For example, at the suggestion of another physician in the group, we no longer file charts in strict alphabetical order. Instead, we use just the first two initials of the patient's last name, and the first initial of her first name. So John Doe's chart would be filed under "DO-J," along with Jane Doss and James Dolan. It's surprising how much time this saves since we no longer have to search for a very precise location for each chart. Instead, the staff simply groups any identical three-letter codes together, making refiling especially fast.
We also color-code chart folders to indicate the insurer. Obviously, every patient receives the same level of care regardless of insurer, but knowing which plan is in effect saves questions when it comes to prescription formularies, referrals, and other issues. We also color-code the charts of patients who are participating in trials or studies.
Some of the 60 doctors in our system now dictate chart notes in front of patients so that when the last patient leaves, they don't face a stack of unfinished files. One physician relies on an employee, who follows him into the room and takes notes on what he says. That note becomes his dictation, and helps meet the difficult documentation guidelines for Medicare. I always dictate my notes during or immediately after the visit, while the patient is getting dressed. When the patient leaves, the dictation is complete.
Little things mean a lot when it comes to creating a "perfect day." For example, I used to send a letter to each patient to report lab results. Patients liked this, but it took a lot of timefrom dictation to transcription to signature to copying and finally to mailing.
When my staff and I learned that one of my partners was using a form in which he simply filled in the test results, we decided to build on this idea. We started using a two-part form, pre-punched to fit the chart. We ask the patient to fill in the top section (name, address, etc.) while she 's waiting in the exam room.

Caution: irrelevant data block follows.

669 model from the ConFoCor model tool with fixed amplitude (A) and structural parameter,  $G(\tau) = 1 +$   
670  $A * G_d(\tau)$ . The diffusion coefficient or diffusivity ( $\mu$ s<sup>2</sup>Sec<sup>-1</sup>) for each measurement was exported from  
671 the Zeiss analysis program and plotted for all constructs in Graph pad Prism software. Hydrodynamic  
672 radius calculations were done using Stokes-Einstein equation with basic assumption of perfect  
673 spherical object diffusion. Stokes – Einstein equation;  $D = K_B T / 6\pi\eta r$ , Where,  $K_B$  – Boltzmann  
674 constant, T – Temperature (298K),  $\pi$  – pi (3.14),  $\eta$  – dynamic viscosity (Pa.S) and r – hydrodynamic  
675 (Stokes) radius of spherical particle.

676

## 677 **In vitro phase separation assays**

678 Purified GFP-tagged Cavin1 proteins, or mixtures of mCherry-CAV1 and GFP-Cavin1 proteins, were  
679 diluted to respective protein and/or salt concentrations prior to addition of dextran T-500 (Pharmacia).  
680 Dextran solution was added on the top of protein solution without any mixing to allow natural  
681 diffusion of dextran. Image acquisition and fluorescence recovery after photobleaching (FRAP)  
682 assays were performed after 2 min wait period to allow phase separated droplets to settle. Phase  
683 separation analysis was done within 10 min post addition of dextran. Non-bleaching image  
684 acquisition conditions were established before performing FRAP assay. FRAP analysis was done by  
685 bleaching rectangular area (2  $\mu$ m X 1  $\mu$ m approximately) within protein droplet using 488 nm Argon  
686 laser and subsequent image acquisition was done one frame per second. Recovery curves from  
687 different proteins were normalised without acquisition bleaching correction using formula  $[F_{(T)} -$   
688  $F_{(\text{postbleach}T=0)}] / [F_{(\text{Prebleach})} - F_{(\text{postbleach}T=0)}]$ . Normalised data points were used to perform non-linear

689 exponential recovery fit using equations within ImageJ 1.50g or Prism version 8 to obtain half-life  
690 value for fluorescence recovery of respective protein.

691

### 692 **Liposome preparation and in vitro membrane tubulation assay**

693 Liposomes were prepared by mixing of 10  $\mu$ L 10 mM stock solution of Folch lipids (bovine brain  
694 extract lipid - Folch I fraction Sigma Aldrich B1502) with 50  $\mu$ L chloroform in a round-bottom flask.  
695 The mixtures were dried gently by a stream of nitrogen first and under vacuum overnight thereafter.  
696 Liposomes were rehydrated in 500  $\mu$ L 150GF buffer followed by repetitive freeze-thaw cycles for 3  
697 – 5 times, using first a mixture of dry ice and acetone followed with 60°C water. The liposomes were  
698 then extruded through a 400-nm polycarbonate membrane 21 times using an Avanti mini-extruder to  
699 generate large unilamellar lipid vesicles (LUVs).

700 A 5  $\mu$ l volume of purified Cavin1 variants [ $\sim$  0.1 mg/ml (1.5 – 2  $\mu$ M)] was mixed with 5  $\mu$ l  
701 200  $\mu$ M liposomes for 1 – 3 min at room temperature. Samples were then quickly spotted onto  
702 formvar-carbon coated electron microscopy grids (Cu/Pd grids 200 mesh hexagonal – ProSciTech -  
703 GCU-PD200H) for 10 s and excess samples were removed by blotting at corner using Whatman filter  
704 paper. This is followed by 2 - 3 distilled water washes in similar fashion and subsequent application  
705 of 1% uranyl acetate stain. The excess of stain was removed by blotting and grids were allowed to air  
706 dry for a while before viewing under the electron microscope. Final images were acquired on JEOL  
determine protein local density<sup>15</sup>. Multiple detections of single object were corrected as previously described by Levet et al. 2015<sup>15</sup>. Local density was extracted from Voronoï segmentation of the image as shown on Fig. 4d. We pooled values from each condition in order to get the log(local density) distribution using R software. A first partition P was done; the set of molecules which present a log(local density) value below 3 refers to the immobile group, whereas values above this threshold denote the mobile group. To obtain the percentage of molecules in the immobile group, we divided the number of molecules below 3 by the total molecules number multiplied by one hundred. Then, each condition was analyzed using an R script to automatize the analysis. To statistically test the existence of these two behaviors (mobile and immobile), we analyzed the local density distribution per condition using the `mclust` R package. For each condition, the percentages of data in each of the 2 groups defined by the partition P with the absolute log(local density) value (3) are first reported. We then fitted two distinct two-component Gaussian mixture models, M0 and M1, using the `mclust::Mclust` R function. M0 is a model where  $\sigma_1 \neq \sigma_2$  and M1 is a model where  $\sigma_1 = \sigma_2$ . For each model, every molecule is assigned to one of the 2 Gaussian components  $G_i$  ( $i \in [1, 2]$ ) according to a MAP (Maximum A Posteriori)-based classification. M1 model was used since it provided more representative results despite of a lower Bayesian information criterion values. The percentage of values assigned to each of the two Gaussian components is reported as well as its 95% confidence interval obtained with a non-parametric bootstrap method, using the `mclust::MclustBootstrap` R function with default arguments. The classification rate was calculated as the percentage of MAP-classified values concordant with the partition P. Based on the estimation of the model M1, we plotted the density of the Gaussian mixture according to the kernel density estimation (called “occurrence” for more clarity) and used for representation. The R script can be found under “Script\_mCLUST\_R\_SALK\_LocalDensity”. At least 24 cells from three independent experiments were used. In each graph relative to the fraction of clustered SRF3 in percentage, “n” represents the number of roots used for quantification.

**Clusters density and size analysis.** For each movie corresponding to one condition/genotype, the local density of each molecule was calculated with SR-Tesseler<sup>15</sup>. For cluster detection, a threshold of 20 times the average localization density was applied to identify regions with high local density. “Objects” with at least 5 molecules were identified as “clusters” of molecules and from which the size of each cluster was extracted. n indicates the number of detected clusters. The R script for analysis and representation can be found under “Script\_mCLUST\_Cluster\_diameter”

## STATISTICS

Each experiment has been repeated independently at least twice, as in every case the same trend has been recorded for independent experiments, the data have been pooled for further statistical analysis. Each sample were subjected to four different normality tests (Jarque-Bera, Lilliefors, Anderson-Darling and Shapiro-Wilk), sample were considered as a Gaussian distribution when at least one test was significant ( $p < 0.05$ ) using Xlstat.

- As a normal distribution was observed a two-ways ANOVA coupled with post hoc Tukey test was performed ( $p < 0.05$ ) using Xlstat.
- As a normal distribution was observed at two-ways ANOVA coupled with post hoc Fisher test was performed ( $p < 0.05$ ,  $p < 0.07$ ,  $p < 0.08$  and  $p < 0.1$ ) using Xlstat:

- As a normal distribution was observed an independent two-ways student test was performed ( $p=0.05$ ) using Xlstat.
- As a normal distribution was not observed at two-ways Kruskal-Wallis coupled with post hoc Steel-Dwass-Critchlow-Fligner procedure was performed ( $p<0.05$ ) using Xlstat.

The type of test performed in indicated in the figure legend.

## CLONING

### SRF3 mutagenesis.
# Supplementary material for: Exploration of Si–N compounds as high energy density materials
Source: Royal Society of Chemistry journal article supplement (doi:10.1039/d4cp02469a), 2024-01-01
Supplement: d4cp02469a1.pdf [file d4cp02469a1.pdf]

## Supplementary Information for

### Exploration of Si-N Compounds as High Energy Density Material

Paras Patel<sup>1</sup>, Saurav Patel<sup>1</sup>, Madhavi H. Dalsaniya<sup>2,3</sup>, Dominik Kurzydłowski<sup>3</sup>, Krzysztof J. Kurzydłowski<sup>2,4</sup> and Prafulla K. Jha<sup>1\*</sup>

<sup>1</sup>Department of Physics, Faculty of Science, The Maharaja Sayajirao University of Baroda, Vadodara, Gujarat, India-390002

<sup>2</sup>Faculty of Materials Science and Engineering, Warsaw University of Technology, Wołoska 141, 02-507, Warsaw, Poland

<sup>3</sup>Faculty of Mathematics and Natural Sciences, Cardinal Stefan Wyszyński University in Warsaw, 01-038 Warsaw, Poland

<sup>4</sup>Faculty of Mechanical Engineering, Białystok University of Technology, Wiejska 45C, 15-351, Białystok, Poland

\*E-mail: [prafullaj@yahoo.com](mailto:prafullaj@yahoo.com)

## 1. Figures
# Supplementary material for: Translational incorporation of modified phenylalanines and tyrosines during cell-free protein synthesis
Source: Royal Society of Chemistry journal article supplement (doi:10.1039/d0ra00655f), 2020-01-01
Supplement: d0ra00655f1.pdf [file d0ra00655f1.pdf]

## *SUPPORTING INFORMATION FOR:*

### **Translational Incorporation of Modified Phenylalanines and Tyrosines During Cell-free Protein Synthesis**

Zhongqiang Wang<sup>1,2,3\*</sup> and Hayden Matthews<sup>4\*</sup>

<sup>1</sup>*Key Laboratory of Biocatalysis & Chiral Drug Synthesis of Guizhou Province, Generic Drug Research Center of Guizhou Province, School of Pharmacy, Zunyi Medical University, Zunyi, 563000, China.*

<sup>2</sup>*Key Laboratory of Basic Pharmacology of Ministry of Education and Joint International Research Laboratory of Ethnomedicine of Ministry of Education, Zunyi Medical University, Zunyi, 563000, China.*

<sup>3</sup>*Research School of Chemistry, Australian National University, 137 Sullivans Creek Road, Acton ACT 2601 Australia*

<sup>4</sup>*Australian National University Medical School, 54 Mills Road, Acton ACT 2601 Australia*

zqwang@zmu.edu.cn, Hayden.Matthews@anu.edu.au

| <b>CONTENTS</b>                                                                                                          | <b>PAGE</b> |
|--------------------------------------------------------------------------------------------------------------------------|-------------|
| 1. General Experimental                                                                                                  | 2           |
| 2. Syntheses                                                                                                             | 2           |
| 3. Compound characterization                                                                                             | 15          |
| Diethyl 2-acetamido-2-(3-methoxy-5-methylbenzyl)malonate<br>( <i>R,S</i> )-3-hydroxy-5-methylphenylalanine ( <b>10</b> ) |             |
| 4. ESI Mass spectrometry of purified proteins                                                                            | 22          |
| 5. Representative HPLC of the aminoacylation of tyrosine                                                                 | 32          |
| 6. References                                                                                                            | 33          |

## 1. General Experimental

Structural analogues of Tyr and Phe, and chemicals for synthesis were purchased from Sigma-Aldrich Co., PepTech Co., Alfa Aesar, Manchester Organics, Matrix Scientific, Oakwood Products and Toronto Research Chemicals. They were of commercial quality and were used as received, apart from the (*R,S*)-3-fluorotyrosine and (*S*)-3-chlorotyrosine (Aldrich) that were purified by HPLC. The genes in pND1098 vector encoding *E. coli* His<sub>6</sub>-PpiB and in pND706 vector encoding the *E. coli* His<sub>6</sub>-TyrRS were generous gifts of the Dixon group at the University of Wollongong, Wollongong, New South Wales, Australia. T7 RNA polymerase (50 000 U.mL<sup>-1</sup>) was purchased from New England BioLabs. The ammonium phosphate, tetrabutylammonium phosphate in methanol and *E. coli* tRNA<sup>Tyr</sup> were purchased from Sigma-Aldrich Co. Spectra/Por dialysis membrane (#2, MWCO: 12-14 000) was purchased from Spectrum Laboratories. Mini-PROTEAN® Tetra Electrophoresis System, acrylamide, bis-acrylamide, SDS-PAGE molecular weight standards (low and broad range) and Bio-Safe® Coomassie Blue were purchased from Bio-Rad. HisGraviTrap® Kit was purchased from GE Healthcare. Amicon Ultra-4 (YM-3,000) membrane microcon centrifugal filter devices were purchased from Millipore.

So now, instead of dictating a letter, I can just fill in the values for the test and jot a brief note at the bottom so patients know I've seen the results. Using a window envelope with the two-ply, pre-punched form eliminates three more steps (addressing, copying, and hole-punching the file copy). What's more, by having the patient fill in the information, we can check for any address changes.
We also automatically print a series of labels, with the patient's name, address, health plan information, phone numbers, etc. for each appointment. Then, any requisitions, correspondence, lab forms, or other documentation generated by the appointment don't have to be labeled by hand. Saving a few minutes with each patient adds up to significant time.
Each physician hires and evaluates her own staff and involves them in major decisions. For instance, when I hired a new patient service coordinator, I made sure my nurse had the opportunity to interview every candidate.
Coverage also works on a team basis. If I'm out of town, one of the other doctors is designated as on call and will see my patients in his own pod area. He'll then dictate a note, and I'll get a copy for my chart.
My staff doesn't take vacations at the same time I do. If I'm away, I want my team there to take calls, manage the office, and help out the other pods in our group.
This last point is important because one problem we have to guard against is "pod-itis," the territoriality that can come with working only for your own pod. Since a nurse works for me, she might feel that she doesn't have to help out Dr. Smith if he gets really busy. We let the staff know that we're still a joined practice and helping the other pods is essential. But this can be a challenge sometimes.
So far, we haven't had a staff member ask to leave one pod for another, but that could crop up, depending on convenience or compatibility. We'll deal with it when it occurs.
Our governance structure includes every member of the team and reinforces the idea that our pods are connected. We doctors meet once a week to review our managed care referrals and discuss clinical issues. The entire office stafffrom all four podsmeets monthly to discuss our policies or clinical events, such as how to prepare for an upcoming accreditation survey. Each pod team meets monthly to work on some quality improvement procedure, such as scheduling or patient education.
We're still tweaking our staff bonus system so that it's based on quantifiable events rather than subjective judgments. We're concerned that someone might think he's working hard, but his efforts aren't being noticed or rewarded. So we have criteria for the staff to qualify for bonuses.